We’ve recognized this tension since the dawn of liberal democracy in America. Thomas Jefferson once said: “The natural progress of things is for liberty to yield and government to gain ground.” We must guard against this natural tendency. Though Jefferson was right that we must be cautious, John Locke was equally right when he wrote: “In all states of created beings, capable of laws, where there is no law there is no freedom. For liberty is to be free from the restraint and violence from others; which cannot be where there is no law; and is not, as we are told, a liberty for every man to do what he likes.” Thus, the obligation of the government is a dual one: to protect civil safety and security against violence, and to preserve civil liberty. That dual obligation remains, at the core, the challenge of the effectiveness/ accountability debate.
Fundamental to the resolution of that debate are the whistleblower provisions of American law. They provide an authorized, lawful way in which members of the executive branch can provide greater transparency and accountability for our government—both to other branches of the government and to the American public. In short, whistleblowers are a way of helping us achieve a balance: As citizens we want an effective government, but it has to be one that is circumscribed by law and policy. Whistleblowers have always been recognized as one outlet for that tension and a way of defusing it.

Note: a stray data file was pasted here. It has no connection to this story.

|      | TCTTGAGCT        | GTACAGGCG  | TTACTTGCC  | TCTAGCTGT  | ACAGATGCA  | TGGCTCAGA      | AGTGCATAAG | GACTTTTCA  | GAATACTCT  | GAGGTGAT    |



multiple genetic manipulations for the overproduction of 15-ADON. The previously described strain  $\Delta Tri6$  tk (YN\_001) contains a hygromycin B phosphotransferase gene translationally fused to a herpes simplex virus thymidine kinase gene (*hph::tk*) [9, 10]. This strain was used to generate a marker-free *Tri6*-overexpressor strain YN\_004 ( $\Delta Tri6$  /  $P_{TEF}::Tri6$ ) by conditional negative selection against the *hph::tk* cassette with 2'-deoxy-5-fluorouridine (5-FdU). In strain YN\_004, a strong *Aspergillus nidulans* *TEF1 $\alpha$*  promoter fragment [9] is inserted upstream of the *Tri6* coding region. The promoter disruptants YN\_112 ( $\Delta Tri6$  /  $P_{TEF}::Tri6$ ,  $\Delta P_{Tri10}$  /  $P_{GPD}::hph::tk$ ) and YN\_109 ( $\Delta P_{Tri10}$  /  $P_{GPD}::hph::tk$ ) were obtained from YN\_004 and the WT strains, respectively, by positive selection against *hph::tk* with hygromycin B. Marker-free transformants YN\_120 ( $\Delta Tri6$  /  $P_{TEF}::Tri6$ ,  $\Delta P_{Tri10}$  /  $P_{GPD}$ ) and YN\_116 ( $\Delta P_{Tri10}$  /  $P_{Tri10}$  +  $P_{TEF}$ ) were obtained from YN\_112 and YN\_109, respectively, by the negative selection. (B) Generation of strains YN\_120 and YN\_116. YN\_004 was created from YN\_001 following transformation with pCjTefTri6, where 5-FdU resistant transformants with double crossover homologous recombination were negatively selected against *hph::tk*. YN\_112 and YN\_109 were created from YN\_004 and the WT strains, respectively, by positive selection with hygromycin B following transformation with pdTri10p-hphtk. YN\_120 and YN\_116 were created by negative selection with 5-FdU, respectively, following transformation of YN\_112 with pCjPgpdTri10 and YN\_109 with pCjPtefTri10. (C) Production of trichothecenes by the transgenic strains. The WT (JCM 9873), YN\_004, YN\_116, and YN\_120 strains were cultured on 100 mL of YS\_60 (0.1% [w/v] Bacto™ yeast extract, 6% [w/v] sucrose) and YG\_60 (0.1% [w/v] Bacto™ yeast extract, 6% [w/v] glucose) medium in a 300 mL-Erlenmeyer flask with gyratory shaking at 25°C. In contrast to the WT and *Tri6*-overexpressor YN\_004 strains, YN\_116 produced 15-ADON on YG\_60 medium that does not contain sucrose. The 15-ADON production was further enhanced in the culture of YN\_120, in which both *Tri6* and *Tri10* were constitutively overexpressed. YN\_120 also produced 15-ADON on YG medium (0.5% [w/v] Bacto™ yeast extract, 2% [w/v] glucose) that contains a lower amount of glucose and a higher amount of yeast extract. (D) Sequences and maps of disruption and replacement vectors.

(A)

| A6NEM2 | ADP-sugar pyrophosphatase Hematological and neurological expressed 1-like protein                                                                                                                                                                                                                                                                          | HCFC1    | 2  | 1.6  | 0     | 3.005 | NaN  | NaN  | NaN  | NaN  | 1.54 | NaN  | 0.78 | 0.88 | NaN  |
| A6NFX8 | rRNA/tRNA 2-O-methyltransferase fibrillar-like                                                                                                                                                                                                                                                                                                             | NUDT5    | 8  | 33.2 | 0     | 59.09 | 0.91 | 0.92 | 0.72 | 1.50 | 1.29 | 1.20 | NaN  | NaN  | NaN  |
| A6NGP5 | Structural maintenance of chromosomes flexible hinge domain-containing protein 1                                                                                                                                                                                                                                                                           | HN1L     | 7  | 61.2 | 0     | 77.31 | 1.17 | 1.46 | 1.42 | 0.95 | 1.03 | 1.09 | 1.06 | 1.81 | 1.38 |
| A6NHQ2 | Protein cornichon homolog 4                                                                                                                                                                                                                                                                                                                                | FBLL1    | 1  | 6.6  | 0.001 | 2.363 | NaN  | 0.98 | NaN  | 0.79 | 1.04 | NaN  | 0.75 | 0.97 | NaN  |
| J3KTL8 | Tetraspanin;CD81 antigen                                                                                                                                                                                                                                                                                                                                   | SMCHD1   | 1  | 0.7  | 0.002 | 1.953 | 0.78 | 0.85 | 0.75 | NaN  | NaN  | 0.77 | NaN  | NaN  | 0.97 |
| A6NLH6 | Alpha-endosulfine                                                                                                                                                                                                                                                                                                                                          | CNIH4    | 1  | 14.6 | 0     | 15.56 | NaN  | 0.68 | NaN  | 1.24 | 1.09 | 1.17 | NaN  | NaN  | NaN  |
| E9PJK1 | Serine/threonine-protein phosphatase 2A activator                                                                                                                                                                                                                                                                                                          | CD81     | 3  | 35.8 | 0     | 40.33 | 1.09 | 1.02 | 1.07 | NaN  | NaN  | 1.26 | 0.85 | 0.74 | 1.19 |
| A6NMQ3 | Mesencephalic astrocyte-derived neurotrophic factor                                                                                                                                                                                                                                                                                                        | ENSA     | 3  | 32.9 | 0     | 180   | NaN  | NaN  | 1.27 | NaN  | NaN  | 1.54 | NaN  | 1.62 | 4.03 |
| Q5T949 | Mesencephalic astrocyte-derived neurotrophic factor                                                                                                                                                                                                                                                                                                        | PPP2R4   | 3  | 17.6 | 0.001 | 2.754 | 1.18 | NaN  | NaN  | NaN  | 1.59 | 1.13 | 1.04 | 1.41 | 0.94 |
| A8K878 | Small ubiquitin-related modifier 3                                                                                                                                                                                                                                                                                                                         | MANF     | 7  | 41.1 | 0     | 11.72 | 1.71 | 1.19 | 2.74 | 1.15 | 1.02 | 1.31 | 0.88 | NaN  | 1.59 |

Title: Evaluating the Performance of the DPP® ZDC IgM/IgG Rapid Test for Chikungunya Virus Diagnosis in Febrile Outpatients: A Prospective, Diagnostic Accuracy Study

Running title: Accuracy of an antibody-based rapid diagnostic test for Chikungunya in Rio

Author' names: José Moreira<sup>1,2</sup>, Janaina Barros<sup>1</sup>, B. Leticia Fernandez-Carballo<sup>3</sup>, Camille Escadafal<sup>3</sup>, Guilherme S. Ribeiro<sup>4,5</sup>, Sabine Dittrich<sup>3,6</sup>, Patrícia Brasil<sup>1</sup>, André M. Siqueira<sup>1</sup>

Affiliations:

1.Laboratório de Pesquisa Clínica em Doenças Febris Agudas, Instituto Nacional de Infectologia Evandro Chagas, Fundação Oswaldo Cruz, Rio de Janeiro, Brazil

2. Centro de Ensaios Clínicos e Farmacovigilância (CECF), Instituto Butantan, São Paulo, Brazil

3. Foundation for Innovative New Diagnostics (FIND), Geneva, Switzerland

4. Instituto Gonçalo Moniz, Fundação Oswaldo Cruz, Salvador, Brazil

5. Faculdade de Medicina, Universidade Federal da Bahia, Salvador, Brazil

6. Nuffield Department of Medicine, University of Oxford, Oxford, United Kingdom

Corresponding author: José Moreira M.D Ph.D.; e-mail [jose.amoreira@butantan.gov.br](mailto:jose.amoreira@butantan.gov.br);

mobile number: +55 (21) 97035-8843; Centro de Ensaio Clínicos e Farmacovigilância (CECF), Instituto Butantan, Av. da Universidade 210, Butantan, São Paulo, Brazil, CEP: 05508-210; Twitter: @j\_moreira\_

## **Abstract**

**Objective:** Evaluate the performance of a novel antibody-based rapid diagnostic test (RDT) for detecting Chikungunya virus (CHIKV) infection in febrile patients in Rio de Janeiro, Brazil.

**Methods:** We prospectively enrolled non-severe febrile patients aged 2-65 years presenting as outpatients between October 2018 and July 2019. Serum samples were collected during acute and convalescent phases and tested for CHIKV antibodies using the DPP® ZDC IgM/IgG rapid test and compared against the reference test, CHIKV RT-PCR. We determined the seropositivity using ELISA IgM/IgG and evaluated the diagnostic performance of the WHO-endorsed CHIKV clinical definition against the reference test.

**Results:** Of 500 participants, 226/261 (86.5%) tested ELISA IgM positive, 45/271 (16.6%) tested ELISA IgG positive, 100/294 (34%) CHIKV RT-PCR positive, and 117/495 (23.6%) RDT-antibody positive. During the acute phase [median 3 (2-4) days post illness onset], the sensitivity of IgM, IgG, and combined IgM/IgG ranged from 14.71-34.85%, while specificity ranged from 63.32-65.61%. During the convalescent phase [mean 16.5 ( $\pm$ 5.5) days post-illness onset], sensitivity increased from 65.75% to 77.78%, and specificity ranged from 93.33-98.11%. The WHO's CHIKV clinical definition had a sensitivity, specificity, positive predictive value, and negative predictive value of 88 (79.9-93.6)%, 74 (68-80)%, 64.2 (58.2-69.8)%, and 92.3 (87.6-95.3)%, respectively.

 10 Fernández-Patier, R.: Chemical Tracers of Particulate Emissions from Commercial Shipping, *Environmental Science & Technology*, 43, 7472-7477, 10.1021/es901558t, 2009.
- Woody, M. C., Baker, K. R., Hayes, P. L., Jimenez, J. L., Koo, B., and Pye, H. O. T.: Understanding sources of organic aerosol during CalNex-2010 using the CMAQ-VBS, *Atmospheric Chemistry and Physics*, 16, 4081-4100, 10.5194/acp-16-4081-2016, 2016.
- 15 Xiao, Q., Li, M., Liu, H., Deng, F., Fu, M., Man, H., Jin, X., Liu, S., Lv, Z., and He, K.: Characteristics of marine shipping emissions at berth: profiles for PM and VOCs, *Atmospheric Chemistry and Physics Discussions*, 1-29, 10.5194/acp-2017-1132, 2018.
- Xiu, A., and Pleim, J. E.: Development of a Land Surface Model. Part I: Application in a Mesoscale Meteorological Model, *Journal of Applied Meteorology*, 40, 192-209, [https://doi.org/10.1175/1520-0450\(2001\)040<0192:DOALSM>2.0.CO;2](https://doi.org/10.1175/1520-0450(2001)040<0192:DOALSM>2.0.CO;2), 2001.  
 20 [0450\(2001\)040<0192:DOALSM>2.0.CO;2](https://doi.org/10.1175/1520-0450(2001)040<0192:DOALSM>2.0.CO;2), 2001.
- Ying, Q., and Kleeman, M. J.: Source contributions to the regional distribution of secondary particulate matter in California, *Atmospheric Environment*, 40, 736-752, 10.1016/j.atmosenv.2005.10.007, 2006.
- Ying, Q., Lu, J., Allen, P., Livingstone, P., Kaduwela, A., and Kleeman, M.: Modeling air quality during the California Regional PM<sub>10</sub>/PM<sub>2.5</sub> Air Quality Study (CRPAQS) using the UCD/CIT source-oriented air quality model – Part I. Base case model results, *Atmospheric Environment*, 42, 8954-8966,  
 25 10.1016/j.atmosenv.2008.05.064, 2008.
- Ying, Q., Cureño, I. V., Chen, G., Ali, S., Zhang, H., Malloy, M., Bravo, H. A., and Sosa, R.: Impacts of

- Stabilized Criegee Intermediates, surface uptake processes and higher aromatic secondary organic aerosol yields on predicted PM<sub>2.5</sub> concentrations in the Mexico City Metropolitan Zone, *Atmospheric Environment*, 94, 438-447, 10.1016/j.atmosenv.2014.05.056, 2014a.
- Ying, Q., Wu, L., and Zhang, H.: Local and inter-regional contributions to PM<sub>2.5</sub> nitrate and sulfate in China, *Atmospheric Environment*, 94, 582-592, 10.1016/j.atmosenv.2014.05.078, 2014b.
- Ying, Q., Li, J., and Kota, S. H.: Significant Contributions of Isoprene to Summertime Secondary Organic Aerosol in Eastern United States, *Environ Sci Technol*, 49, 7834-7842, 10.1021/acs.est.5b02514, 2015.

The Constitutional and Statutory Framework
These theoretical considerations find expression in a Constitutional and statutory framework that has long recognized the value of whistleblowers. Indeed, whistleblowing by federal employees has a history that pre-dates the formation of the Republic. Perhaps the very first American whistleblower was a member of the Continental Navy, Midshipman Samuel Shaw. During the Revolutionary War he and Third Lieutenant Richard Marven blew the whistle on the torturing of British POWs by Commodore Esek Hopkins, the commander-in-chief of the Continental Navy. Partially as a result, the Continental Congress enacted a whistleblower protection law on July 30, 1778, by a unanimous vote.